Rule #7 – Stay True to Normal Magic Design Rules
I saved this for last because it's the rule that no one wants to believe. In the end, Un sets aren't really all that different from normal Magic sets. The parameters of what you can do are a little looser, but the fundamentals of how you put the set together are the same. The only real rule you can break is “don't do this because the rules guys are worried about it”. Okay, and “kill this because there's no way we could fit it on the card/explain it.” Plus “that's too silly/goofy/oddball/strange/assesque”.
But seriously, all the design rules that apply to every other set pretty much apply to the Un sets as well. Unhinged, for example, pushes certain areas farther than normal, but in the end it still feels like a Magic set. And that, my faithful readers, is probably the most radical thing about Unhinged design.
That's all I've got for today (well, except for the job info, but that's coming up). Join me next week when I dive into some design stories about actual Unhinged cards. I might even explain where the Gotcha mechanic came from.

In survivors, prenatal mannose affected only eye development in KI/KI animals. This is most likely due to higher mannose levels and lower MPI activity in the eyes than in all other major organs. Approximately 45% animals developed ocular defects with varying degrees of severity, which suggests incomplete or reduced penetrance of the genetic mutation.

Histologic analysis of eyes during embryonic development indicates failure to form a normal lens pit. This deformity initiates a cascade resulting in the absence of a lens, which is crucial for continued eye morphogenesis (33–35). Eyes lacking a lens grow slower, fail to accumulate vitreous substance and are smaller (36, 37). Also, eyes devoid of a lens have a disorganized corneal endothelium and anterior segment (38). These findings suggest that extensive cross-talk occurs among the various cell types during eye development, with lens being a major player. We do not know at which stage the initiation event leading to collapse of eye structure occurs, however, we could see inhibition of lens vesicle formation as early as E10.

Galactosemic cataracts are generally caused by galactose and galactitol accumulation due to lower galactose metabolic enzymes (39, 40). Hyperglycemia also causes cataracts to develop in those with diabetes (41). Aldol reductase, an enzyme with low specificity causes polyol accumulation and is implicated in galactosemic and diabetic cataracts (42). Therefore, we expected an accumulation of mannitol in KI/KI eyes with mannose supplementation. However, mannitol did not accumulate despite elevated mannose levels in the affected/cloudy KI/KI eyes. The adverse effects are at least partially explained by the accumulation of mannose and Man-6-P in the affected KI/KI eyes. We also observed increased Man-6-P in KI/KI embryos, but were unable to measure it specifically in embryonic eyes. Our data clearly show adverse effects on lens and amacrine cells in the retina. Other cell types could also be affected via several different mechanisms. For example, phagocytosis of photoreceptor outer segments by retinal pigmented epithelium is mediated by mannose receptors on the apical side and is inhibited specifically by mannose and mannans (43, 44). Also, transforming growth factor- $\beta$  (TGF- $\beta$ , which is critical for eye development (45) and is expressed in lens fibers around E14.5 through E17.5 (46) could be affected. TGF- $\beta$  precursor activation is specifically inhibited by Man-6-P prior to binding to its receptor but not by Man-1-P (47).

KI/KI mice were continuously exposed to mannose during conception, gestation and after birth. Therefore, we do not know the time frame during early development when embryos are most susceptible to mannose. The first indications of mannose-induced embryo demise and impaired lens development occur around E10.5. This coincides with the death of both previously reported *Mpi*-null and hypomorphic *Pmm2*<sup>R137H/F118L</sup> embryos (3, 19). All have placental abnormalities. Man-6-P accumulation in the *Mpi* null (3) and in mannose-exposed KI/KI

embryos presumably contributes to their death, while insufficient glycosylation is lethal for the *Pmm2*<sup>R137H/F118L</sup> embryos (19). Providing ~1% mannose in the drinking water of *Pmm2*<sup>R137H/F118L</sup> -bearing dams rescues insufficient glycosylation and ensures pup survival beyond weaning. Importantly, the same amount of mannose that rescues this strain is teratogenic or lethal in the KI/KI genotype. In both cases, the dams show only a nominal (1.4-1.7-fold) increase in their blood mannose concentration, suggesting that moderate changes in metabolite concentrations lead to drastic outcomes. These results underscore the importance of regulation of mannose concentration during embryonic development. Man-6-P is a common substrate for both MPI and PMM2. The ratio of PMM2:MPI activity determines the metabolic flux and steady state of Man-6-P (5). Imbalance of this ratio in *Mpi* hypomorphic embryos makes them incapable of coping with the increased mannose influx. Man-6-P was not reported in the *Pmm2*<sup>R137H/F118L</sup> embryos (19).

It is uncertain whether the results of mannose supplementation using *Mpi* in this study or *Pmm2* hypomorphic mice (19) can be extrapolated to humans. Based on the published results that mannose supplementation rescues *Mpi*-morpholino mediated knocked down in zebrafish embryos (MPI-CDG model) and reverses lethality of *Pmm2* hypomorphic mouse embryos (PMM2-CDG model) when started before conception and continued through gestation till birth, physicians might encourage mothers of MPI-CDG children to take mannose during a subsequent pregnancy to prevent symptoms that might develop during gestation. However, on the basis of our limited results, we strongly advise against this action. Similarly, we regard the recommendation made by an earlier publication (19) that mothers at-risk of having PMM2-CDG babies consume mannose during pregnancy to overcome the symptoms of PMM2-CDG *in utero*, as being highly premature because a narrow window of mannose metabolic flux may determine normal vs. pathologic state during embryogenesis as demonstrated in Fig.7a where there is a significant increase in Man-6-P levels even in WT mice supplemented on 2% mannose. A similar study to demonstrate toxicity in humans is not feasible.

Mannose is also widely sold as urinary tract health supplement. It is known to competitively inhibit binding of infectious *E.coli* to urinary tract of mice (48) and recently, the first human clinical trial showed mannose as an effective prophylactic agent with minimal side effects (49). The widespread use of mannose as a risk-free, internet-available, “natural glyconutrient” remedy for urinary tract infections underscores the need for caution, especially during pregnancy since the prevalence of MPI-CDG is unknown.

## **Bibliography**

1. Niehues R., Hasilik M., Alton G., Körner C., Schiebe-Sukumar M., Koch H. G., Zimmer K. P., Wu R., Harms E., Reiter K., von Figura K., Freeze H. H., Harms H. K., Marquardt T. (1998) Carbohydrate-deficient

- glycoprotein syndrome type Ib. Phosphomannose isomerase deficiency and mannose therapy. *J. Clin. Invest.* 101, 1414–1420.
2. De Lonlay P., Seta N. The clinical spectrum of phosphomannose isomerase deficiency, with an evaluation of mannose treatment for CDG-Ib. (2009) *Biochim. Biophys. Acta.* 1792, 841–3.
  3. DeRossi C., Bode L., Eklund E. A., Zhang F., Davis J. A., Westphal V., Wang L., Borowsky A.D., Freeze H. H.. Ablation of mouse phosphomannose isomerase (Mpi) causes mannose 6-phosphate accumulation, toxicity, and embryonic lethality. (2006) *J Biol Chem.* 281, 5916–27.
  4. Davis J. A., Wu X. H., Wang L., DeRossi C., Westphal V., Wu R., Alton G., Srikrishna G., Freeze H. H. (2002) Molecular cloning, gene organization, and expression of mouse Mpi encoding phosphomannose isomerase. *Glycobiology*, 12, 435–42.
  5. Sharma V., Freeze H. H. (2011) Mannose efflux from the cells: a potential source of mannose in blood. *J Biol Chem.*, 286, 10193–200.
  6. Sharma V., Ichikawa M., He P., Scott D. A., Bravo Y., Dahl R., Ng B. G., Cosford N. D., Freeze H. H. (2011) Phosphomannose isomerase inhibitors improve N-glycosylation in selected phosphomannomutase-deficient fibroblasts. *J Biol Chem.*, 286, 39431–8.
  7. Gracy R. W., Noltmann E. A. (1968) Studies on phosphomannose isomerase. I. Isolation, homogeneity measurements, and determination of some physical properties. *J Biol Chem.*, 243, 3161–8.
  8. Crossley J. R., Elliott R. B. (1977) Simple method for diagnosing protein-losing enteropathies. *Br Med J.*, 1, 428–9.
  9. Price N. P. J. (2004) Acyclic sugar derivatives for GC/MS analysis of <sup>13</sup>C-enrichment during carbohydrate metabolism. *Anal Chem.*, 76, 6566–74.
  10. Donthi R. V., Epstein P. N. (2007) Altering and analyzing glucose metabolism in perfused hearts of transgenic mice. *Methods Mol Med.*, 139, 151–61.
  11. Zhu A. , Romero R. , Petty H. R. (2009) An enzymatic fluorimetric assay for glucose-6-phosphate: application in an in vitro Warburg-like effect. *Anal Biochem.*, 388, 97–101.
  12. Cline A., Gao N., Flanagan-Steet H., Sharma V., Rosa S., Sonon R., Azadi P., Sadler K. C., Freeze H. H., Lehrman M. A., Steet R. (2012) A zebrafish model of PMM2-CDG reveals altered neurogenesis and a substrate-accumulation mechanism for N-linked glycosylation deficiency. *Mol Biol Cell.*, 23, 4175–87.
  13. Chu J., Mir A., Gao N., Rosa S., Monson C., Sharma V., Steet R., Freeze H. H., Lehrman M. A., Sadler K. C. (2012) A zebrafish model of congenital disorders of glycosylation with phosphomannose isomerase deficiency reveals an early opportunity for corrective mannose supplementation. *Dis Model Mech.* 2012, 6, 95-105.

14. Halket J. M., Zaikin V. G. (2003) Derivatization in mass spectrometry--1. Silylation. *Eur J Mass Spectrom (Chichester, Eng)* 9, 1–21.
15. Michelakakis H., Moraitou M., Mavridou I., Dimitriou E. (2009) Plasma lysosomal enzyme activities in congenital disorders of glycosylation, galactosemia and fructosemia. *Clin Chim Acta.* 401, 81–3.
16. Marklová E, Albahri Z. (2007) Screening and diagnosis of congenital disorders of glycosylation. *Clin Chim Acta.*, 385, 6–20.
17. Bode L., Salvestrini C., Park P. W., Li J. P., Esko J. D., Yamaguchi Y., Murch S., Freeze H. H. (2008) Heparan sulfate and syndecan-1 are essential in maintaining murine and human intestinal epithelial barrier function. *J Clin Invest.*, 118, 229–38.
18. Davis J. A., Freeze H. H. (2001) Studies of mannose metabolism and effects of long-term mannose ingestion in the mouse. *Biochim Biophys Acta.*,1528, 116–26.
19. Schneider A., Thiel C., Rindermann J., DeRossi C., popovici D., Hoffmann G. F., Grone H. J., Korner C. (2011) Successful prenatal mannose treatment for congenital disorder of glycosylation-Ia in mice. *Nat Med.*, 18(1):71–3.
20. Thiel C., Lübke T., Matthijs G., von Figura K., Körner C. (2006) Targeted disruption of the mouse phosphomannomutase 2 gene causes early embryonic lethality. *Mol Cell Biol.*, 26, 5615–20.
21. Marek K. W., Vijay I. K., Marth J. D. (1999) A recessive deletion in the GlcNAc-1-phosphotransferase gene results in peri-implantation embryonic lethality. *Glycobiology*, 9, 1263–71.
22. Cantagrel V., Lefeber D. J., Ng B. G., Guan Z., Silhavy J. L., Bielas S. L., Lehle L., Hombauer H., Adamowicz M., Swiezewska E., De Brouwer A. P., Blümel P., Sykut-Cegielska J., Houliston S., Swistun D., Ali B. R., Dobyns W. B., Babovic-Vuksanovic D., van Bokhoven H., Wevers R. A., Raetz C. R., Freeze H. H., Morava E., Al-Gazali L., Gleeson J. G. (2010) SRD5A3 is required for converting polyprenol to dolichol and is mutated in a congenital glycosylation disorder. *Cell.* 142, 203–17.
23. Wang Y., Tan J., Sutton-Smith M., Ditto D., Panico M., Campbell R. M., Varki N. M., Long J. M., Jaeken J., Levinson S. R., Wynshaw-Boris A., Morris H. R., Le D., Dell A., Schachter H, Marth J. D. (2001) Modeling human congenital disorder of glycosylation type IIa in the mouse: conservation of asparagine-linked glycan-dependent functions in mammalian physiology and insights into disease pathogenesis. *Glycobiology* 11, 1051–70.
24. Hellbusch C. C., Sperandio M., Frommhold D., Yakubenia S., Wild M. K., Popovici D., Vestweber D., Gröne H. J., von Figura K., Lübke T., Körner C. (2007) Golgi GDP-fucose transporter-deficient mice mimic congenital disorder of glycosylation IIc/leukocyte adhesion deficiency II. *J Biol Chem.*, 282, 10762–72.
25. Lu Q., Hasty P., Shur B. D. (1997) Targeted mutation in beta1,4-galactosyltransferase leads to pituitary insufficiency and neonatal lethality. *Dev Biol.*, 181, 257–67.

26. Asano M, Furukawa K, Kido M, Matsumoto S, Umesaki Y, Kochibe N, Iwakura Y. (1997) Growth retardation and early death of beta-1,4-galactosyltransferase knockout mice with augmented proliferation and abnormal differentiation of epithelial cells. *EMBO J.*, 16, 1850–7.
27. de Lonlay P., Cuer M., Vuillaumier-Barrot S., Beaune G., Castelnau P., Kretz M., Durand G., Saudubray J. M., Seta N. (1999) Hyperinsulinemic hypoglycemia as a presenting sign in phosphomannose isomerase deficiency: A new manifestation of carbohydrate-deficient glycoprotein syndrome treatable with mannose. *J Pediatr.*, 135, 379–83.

Until then, may you remember that Magic at its core is just a really fun game.
“I Had a Dream… Job”
Several months ago, we had a job offering open up in R&D (for a Magic Writer position). I mentioned it in my column and we had the largest number of applicants ever for a job here at Wizards of the Coast. So, it got me thinking (well, that and the scores and scores of letters I get every week) that maybe a few of our readers might want to get a job working in R&D. As such, I've decided to announce any TCG (Trading Card Games) R&D positions that open up.
Today's position is for an Associate Developer. This is a primarily non-Magic position that would work on the development of the many other trading card games we produce here at Wizards (currently that entails Duel Masters, G.I. Joe, MLB Showdown, Neopets, Star Wars, and numerous future projects that are not public yet) You get to sit in “The Pit” (our name for the TCG R&D open area cubicle configuration) and you'll learn first hand how loud I am. And hey, free Nerf weaponry. What more could you ask for?
If you are interested in seeing if you have the proper skills for this job, please check out the job listing. If this position doesn't seem like a good fit, keep your eye out for the next time I announce an opening.